10 Alternatives to Roundup Weed Killer

10 Alternatives to Roundup

Looking for the Best Weed Killer

Updated August 20, 2021

Everyone defines weeds differently. The fact is, there are always certain kinds of plants we don't want growing in certain places. So it makes sense that people are always looking for the best weed killer.

We are relieved to see the current crop of harmful weed killers come under heavy scrutiny. A California jury awarded over $2 billion in favor of a couple with cancer, ordering Monsanto to compensate for failing to warn consumers that exposure to Roundup weed killer causes cancer.

Even as more people continue to learn about the dangers of Roundup — the most used weed killer in the world — this herbicide remains in heavy use in the U.S. and around the world.

Are Roundup's Days Numbered?

While Roundup will not by sold to consumers soon, equally harmful products will continue being sold. Additionally, city parks and large scale farms will still have access to Roundup for years to come. In the meantime, consider doing the following to protect you, your family, and your pets:

As promised, here are the top 10 natural weed killers that you can start using now to help reduce your exposure. You can use them yourself or recommend them to your neighbors and city planners. You can even share this page with your local farmers! Please leave your own suggestion in the comments below.

Top 10 Alternative Natural Weed Killers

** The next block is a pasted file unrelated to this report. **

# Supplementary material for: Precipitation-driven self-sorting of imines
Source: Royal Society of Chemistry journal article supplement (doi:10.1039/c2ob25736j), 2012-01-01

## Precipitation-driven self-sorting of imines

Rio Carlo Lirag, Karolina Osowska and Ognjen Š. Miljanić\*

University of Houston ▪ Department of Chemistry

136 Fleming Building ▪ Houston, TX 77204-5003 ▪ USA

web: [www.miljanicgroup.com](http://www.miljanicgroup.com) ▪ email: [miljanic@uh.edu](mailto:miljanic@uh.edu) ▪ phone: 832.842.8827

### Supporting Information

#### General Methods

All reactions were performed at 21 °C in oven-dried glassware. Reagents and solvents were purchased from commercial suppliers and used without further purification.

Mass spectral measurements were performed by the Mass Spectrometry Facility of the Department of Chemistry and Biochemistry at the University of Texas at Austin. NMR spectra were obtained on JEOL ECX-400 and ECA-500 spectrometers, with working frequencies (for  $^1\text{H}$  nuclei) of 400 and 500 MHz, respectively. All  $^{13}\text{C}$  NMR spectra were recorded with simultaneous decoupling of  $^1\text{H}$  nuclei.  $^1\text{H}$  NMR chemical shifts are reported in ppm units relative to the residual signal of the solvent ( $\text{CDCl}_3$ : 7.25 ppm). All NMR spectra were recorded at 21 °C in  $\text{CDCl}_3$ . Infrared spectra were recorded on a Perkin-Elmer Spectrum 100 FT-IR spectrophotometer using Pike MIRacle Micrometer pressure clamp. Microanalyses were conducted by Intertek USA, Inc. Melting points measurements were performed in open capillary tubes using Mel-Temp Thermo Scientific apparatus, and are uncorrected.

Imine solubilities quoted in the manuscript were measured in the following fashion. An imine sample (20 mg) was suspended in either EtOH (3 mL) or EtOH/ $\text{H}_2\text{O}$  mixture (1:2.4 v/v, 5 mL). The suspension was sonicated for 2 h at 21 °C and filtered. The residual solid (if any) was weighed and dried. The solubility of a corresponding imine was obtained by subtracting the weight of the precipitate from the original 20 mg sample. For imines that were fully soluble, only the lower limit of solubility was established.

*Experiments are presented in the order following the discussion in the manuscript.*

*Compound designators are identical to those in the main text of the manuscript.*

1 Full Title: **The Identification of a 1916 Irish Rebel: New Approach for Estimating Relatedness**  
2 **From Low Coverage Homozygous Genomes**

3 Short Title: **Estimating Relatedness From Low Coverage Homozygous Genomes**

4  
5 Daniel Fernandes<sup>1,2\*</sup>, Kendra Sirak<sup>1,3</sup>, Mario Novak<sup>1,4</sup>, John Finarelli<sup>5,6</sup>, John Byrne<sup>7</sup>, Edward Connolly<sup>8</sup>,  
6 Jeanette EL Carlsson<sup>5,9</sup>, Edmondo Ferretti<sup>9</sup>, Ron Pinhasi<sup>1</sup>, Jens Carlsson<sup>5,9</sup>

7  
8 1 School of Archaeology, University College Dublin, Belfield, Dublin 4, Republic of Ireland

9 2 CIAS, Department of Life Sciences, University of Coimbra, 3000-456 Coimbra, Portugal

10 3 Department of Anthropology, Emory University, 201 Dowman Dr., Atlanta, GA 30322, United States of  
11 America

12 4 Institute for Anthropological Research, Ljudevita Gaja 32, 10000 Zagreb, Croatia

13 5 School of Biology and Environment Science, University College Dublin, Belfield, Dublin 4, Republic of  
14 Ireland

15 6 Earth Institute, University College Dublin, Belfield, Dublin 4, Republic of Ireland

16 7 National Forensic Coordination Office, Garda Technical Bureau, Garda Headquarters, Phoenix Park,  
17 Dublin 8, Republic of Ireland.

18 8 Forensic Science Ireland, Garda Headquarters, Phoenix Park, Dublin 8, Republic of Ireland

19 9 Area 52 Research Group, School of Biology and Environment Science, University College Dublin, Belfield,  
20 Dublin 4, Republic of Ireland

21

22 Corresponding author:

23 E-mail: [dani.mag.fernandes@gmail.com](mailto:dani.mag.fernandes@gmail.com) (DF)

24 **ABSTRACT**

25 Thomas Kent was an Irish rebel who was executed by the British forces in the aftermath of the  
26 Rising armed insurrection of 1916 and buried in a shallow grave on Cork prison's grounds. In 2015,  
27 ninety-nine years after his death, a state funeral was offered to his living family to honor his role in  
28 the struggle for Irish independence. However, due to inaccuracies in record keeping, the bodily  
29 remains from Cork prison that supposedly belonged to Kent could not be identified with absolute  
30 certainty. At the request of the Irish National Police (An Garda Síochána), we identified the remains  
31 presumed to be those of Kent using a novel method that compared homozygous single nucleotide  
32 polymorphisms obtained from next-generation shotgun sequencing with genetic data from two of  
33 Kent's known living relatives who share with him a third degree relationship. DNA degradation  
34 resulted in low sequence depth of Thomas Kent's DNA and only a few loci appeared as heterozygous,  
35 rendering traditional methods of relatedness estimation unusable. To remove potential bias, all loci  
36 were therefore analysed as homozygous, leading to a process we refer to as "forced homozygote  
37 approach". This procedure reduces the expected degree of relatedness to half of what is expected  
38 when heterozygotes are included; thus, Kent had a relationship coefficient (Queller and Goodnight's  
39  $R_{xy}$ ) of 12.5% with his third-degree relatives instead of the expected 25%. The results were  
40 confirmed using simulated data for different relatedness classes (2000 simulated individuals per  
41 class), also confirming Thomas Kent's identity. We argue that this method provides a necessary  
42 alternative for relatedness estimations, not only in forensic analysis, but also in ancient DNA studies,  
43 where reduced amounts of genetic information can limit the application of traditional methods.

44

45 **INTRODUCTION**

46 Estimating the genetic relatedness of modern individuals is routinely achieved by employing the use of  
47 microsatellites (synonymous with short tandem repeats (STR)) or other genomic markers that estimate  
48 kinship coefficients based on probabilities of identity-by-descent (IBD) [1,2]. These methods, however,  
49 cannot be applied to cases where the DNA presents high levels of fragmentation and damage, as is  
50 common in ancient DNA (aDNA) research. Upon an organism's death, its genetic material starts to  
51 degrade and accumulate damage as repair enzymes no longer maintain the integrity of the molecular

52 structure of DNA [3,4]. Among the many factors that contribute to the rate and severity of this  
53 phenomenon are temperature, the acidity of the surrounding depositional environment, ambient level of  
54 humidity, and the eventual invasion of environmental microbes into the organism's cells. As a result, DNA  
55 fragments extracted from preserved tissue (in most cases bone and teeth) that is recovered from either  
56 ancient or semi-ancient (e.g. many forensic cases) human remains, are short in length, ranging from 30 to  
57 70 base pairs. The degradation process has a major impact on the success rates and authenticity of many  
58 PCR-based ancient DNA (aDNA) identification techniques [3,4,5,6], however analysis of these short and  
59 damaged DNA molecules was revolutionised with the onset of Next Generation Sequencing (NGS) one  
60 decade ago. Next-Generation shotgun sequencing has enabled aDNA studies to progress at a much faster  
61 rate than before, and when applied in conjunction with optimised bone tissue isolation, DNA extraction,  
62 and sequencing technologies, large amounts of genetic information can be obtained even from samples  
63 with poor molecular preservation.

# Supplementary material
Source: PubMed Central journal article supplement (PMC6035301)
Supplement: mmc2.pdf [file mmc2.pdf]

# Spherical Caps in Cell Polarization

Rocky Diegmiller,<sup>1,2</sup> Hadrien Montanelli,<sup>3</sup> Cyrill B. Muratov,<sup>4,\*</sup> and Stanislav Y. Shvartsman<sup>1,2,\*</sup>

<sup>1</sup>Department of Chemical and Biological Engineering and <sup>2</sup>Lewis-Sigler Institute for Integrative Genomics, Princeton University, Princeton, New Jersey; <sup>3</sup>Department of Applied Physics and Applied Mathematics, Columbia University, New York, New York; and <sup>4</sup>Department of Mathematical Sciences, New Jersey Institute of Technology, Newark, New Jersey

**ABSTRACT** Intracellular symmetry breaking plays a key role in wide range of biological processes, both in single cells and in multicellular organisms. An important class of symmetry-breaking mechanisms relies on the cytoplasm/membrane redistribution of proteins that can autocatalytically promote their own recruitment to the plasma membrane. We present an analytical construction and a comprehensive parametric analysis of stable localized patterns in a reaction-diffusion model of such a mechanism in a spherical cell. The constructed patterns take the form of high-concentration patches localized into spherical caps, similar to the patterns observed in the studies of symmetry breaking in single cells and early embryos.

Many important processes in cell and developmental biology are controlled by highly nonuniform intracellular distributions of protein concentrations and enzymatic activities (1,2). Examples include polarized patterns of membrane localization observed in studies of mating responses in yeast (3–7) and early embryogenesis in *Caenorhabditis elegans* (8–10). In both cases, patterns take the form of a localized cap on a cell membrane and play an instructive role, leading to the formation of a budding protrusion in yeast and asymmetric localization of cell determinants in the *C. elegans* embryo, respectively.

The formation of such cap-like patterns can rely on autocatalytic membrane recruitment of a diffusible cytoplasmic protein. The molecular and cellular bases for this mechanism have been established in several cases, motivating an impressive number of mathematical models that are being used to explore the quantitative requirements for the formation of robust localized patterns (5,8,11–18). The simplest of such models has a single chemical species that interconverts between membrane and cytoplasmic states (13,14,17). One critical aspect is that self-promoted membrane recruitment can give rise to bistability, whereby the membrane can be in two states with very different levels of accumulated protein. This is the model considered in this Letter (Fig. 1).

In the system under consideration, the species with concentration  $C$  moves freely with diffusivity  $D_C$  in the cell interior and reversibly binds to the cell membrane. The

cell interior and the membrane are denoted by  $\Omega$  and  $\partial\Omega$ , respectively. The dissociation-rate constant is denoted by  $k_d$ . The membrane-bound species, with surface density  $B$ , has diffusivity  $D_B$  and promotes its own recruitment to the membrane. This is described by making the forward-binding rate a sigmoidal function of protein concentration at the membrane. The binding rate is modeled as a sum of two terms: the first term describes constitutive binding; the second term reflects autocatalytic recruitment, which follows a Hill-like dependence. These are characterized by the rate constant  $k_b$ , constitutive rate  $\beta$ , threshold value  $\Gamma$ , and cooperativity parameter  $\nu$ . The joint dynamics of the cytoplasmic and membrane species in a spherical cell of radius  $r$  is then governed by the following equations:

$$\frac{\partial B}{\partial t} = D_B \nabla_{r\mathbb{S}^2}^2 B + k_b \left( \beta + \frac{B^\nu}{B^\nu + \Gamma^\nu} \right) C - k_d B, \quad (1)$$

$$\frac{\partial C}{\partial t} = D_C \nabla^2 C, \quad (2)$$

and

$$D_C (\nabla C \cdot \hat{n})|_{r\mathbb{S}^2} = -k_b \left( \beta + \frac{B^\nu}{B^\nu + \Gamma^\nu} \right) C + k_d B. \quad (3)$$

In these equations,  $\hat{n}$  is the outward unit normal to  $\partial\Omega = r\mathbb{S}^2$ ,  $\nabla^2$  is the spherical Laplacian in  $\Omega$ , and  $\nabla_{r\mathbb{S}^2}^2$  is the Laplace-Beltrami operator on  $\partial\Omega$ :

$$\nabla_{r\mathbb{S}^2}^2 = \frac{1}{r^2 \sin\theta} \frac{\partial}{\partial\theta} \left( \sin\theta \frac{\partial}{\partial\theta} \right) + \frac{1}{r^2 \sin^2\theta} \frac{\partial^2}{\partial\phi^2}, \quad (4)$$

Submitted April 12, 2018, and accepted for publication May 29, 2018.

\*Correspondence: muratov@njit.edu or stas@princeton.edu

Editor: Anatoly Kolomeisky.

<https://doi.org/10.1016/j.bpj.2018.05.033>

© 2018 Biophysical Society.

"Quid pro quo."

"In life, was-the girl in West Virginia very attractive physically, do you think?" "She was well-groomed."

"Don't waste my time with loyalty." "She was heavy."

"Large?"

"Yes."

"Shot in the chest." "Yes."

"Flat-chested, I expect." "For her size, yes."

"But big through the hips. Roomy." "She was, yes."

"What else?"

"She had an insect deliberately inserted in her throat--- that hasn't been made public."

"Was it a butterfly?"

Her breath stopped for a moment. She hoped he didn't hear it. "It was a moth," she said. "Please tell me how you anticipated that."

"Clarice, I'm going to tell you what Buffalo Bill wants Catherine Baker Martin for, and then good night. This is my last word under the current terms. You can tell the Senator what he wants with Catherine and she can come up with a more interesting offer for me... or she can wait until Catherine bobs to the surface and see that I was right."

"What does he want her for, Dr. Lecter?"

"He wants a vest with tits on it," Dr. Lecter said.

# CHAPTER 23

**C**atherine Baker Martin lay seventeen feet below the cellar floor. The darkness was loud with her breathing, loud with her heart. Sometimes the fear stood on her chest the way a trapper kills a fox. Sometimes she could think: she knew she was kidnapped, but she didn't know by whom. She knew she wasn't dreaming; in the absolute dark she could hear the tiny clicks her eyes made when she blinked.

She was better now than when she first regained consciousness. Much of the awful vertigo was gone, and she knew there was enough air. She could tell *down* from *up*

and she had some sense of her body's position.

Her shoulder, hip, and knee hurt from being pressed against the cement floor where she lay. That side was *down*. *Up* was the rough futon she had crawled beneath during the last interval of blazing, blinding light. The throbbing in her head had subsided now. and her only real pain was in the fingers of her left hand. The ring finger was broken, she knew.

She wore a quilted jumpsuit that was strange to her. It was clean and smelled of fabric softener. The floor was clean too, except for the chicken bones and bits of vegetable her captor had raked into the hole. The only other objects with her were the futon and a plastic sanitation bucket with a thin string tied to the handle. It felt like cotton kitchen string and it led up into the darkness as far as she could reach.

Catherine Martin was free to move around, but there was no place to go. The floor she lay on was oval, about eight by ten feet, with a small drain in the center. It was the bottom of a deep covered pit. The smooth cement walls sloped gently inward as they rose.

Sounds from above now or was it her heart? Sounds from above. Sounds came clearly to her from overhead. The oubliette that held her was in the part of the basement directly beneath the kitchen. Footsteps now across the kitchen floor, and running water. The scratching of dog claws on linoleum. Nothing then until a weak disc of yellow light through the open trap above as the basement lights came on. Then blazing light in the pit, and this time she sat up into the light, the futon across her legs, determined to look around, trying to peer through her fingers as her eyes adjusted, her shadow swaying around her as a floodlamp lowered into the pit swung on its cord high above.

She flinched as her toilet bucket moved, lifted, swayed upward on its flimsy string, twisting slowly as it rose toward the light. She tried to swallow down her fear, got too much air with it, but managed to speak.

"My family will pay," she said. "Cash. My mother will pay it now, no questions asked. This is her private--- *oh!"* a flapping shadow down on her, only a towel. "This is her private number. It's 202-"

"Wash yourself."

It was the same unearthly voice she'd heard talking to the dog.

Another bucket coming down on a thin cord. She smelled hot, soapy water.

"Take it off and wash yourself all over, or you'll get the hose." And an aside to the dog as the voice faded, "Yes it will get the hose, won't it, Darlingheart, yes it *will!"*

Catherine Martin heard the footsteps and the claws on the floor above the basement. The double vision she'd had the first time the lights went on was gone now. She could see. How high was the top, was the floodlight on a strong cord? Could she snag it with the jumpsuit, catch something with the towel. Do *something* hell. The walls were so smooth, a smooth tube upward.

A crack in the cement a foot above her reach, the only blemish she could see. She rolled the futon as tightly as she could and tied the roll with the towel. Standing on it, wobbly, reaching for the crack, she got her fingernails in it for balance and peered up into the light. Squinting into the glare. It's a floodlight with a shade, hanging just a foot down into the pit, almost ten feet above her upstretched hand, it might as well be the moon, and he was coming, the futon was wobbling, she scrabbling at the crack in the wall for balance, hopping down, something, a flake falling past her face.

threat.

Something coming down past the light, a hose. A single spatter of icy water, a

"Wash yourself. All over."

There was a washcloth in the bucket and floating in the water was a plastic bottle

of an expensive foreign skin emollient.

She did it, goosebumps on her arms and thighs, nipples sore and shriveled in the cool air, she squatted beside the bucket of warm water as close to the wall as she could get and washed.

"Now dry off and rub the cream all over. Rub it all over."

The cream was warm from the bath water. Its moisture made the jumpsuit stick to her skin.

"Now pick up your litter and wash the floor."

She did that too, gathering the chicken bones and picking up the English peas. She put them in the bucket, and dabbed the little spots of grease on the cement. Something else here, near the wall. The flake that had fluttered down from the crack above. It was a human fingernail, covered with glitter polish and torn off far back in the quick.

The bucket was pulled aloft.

1. Contact Organics

This brand new natural weed killer, developed by regenerative farmer and self-professed Student of the Soil, Howard Vliger, restores balance in the environment by improving the soil micro biology while controlling unwanted plant growth. Through this approach, you can remove toxins from your food, thereby bringing back balance to your body. Used per the label, this is a pet safe weed killer.

Contact Organics Weed Terminators Mixing and Application Video from Contact Organics on Vimeo.

2. Mulch and Permaculture

3. No-till cover crops

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4. Saturated steam weed control

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5. Electric shock weed control

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6. Electric weed control

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7. Fatty Acid Based Herbicidal Soap

Most of the other alternative herbicides used by farmers or gardeners fall into the following categories:

  • 8. Salt-Based Herbicides*
  • 9. High Percentage Vinegar sprays like OSM
  • 10. Phytotoxic Oils (aka Essential Oils)

Download the PDF version to print and share!


Why Use Alternative Herbicides?

Screen_Shot_2018-02-19_at_12.27.38_PM.pngGlyphosate is so widely used in the U.S. and around the world that traces of the chemical have been found in breast milk, cotton products, beer, wine (even when made with organic grapes), eggs, oatmeal, and non-dairy coffee creamer, among other products.

The herbicide has also given rise to genetically modified food, which has been linked to health issues such as infertility, immune problems, faulty insulin regulation, accelerated aging and changes in major organs and the gastrointestinal system.